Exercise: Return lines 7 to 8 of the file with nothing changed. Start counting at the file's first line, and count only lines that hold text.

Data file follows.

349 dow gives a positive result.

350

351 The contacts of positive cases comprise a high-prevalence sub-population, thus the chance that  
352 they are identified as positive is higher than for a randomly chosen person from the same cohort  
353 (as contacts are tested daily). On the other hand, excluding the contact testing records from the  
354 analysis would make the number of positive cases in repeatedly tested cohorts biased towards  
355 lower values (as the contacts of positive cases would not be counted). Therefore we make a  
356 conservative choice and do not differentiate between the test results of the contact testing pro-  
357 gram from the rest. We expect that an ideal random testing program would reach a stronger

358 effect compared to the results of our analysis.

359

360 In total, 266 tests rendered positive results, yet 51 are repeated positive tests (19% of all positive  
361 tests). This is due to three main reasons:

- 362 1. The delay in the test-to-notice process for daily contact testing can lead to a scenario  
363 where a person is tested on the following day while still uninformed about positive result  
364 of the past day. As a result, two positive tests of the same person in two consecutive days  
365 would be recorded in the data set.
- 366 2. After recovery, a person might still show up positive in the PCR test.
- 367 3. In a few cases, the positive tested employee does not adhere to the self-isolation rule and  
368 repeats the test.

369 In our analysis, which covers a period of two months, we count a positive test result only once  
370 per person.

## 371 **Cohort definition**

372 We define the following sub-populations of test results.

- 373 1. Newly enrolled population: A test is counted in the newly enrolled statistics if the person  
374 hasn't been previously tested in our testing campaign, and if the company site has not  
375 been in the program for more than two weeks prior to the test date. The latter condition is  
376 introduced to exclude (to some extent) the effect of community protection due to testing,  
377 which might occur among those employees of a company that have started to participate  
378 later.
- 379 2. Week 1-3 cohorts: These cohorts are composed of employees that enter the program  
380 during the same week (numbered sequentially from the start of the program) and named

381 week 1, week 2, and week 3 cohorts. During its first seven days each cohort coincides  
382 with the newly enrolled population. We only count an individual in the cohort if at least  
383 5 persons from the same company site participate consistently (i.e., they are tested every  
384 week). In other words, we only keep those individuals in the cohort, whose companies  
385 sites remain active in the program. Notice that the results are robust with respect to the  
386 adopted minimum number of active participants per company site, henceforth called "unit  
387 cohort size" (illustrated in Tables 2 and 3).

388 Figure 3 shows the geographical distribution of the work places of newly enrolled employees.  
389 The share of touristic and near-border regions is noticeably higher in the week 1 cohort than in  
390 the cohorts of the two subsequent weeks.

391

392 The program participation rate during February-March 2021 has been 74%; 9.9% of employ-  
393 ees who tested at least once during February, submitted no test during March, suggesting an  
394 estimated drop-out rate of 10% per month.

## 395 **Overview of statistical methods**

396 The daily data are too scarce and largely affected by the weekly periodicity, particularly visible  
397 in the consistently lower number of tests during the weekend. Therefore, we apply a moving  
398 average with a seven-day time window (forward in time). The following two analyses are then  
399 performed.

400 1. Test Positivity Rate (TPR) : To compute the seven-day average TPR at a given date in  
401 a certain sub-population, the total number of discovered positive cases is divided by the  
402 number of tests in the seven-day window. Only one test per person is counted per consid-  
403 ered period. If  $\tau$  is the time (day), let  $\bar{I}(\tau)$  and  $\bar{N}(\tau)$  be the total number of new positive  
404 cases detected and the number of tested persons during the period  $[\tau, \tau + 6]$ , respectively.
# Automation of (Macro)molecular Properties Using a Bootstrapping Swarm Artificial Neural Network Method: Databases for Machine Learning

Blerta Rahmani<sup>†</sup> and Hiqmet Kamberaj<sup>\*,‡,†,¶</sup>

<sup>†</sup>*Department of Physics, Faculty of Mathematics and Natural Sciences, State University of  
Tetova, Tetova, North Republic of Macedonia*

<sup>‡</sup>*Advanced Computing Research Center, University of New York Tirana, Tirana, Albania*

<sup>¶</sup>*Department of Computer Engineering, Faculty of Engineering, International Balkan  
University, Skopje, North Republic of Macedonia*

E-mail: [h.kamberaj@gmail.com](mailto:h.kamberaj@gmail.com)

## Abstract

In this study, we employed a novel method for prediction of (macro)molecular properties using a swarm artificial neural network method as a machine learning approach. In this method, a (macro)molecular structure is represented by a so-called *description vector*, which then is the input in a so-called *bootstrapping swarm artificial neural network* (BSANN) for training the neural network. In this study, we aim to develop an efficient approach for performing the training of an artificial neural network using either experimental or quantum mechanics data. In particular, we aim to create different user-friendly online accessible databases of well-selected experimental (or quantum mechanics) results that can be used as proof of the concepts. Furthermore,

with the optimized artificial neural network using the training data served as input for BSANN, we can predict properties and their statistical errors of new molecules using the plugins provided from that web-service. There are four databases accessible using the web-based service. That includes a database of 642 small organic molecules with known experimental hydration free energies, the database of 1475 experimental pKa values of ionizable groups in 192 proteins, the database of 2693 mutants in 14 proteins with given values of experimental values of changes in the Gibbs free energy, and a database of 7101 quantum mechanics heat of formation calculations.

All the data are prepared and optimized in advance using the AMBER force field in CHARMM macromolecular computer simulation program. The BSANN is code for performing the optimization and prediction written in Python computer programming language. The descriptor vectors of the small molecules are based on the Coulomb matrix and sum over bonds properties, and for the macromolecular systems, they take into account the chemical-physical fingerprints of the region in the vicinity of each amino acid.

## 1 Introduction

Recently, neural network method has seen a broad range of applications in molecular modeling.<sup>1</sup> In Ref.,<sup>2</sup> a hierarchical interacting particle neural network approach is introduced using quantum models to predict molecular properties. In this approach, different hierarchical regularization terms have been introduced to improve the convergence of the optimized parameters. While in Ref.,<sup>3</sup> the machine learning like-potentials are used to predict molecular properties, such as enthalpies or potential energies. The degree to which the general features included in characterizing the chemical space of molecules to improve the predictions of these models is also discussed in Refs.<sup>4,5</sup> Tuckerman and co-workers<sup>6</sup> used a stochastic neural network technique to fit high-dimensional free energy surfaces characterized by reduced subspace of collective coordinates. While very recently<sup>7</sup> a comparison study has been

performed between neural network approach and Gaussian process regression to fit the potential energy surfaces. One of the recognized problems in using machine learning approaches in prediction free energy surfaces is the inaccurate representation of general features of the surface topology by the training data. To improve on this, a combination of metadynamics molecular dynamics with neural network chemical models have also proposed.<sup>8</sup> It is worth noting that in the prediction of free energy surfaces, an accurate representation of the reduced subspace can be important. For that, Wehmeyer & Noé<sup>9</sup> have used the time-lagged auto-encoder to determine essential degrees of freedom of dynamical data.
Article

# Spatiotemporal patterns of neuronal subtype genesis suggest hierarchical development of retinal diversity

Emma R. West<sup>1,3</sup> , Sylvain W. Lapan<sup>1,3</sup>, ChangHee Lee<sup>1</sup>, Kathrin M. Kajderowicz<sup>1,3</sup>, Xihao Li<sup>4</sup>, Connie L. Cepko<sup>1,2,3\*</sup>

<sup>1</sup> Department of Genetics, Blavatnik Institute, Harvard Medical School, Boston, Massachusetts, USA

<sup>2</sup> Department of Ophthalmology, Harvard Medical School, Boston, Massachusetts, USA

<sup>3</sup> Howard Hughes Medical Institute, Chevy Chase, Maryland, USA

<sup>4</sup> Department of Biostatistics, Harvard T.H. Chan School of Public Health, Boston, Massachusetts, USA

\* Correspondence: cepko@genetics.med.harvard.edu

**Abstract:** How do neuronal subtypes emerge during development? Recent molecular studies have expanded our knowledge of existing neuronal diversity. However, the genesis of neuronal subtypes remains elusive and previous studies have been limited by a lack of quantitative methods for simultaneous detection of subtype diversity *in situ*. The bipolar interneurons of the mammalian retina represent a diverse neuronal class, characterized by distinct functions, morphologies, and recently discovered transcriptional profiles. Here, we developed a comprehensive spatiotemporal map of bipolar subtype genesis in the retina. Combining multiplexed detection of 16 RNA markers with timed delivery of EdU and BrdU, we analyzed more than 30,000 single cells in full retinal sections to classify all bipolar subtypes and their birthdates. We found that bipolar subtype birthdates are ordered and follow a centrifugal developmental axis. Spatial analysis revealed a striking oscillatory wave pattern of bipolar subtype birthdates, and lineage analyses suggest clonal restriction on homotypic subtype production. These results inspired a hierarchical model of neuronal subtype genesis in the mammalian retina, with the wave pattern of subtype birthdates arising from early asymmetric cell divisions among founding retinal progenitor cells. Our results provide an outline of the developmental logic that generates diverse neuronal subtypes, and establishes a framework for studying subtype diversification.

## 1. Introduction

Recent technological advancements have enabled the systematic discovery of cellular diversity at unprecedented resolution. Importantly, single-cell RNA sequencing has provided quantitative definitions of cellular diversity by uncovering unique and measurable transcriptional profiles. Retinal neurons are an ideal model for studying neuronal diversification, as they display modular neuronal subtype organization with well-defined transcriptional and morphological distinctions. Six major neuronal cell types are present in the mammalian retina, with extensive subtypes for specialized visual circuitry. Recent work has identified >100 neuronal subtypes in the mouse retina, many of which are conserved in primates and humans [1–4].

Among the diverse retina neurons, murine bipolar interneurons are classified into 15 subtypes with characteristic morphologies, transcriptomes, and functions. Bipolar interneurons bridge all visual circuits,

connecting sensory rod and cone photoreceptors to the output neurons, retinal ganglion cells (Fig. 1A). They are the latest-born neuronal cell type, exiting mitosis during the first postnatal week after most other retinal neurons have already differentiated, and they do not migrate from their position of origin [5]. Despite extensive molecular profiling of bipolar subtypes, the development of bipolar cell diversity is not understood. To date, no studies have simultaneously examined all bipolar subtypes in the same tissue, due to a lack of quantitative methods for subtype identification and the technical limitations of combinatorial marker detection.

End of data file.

355 lower values (as the contacts of positive cases would not be counted). Therefore we make a  
356 conservative choice and do not differentiate between the test results of the contact testing pro-  